The Fourth of July has a shady heritage in the South. It wasn’t until World War I that most people below the Mason-Dixon Line approved of Independence Day celebrations. The poverty and animosity caused by Reconstruction caused many Southerners to avoid our nation’s birthday. Reconstruction was a tumultuous time. South Carolina was under harsh military rule until 1877, twelve long years after the end of the Confederacy. It was a long military occupation that resulted in exacerbated resentment and retribution against people of color.
Perhaps this explains why Southerners remember “The War” so well. But there is a difference between history and heritage. History is something to learn from so that its evil may not be repeated and so its good might be perpetuated. Heritage is what we pass on to our descendants. I don’t want to pass on a history fraught with prejudice and poverty. I do want to pass on a heritage of front porches and smiling faces, family reunions and neighborliness. In these days of reflection since the Charleston Massacre, I want to make sure that my legacy, our legacy, reflects Christ more than country. Sometimes they are not synonymous.
Our flags should represent our values, our heritage. What happens, however, when flags, whether they be swastikas or rising suns, stars and bars, or even Old Glory, fail to represent our Christian heritage? What if there’s a difference between what we profess as Christians and what we profess as a nation? If history, by definition, is something to be learned from, and heritage is something to be passed on, we, therefore, need to be very careful about the flags to which we offer our allegiance.
I would be highly offended if swastikas still flew over Germany. That symbol invokes hatred and genocide. With that being said, I wonder what people think when they see an American flag? Surely to many it represents freedom and the sacrifice of America’s millions that gave of themselves so that democracy might defeat fascism in World War II. We are grateful for those whom Tom Brokaw called, “The Greatest Generation,” plus previous and subsequent generations who have protected our freedoms and honored our flag.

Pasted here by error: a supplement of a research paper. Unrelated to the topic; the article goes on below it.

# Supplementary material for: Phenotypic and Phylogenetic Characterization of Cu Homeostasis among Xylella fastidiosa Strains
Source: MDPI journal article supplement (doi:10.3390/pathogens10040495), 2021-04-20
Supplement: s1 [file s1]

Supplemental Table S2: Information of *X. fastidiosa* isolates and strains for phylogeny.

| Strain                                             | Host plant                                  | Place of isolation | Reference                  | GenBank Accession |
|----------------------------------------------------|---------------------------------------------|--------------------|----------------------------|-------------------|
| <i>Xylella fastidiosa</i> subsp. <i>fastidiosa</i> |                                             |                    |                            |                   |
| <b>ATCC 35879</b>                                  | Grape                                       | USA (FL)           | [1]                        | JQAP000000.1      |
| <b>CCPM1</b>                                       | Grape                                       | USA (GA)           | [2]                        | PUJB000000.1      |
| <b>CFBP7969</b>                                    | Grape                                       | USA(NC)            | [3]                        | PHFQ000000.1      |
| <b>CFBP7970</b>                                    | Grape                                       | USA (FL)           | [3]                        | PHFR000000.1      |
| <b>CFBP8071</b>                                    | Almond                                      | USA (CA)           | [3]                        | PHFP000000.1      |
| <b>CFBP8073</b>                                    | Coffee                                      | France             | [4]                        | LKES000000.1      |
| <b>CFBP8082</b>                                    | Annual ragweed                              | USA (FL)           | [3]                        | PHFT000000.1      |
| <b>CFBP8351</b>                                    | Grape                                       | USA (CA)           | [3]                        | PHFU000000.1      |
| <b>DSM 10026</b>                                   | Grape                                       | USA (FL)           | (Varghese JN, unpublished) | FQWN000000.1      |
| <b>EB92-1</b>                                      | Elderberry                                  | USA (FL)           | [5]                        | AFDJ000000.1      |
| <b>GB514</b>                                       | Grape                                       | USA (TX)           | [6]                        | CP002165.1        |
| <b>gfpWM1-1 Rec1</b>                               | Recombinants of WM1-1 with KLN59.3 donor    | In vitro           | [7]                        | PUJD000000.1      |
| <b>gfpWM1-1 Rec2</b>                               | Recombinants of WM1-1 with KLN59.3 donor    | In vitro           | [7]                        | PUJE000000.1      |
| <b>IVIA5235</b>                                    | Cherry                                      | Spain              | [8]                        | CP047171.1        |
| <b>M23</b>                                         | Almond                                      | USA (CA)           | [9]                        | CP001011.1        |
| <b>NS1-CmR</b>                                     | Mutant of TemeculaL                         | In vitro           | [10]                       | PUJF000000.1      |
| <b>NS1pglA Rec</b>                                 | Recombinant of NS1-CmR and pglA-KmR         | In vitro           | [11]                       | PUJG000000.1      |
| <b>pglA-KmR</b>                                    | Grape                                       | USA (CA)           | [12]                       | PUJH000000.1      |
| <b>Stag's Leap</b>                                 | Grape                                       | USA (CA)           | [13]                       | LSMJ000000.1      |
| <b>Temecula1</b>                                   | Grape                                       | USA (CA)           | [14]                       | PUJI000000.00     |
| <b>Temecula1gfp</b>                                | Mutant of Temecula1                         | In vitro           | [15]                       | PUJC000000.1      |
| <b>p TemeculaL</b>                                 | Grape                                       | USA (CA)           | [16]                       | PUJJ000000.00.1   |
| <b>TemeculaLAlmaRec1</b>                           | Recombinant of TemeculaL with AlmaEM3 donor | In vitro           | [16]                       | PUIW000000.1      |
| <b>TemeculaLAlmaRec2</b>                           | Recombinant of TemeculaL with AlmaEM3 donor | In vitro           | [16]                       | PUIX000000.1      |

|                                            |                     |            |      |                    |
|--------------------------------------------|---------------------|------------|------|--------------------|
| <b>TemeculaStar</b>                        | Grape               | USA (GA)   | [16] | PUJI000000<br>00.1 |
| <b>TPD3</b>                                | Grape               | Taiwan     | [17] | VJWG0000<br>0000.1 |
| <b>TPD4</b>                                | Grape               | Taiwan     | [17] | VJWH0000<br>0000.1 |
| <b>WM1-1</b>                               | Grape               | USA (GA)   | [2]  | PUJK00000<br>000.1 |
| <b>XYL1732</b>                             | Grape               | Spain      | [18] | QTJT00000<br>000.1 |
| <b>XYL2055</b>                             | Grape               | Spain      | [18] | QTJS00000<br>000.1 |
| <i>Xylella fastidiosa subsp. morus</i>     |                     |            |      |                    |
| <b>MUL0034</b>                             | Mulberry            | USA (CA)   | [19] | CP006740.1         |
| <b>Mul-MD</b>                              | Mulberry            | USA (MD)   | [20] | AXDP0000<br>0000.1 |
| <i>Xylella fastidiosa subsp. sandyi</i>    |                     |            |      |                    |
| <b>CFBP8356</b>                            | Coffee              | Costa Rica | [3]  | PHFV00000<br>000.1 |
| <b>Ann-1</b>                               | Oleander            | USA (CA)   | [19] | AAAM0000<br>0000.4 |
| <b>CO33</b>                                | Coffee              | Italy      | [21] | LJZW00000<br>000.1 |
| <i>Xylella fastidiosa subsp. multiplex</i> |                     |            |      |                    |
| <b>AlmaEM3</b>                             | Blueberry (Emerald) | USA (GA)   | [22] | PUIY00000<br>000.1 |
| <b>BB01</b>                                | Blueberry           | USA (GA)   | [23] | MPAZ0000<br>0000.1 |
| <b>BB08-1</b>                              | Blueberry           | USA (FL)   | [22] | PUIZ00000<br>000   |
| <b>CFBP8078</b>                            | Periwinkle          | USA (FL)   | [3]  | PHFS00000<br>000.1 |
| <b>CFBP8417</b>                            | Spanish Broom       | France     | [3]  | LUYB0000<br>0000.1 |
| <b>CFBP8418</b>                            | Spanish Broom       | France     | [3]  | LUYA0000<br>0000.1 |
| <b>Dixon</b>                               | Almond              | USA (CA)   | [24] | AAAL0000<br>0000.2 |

However, people who live in so-called “Banana Republics” think of Americans in a whole different light. To them our flag represents people who will sacrifice democracy and fairness if it will provide us with cheaper gas, clothing, or produce. NAFTA (North American Free Trade Act) was passed to help us more than it was to help poor Third World residents. We want to pay 1950’s prices for things no matter how it affects people in poorer countries, and we have the gall to gripe about jobs being sent overseas as if it wasn’t our fault. No wonder poverty-stricken countries are more than eager to let our greed for pleasure consume their illegitimate drugs. In their minds it serves us right! Our flag, to them, stands for oppression. To them, we seem very hypocritical, especially in the way that we define “our vital national interests.”
To combat this perception I propose that we do two things. First, we need to be vigilant that our nation’s values be steadfast in fulfilling the Golden Rule: “Do unto others as you would have them do unto you.” Second, we need to beware of ever confusing our faith with our flag. As a matter of historical fact, nations and their banners hardly ever represent Christianity. America perhaps has come closest. But that’s our opinion. Ask a Nicaraguan or Panamanian and the answer might be different. Let us make sure that our flag is a consistent international symbol of peace and hope. Then it will remain a worthy national one. God bless America, for we surely need it.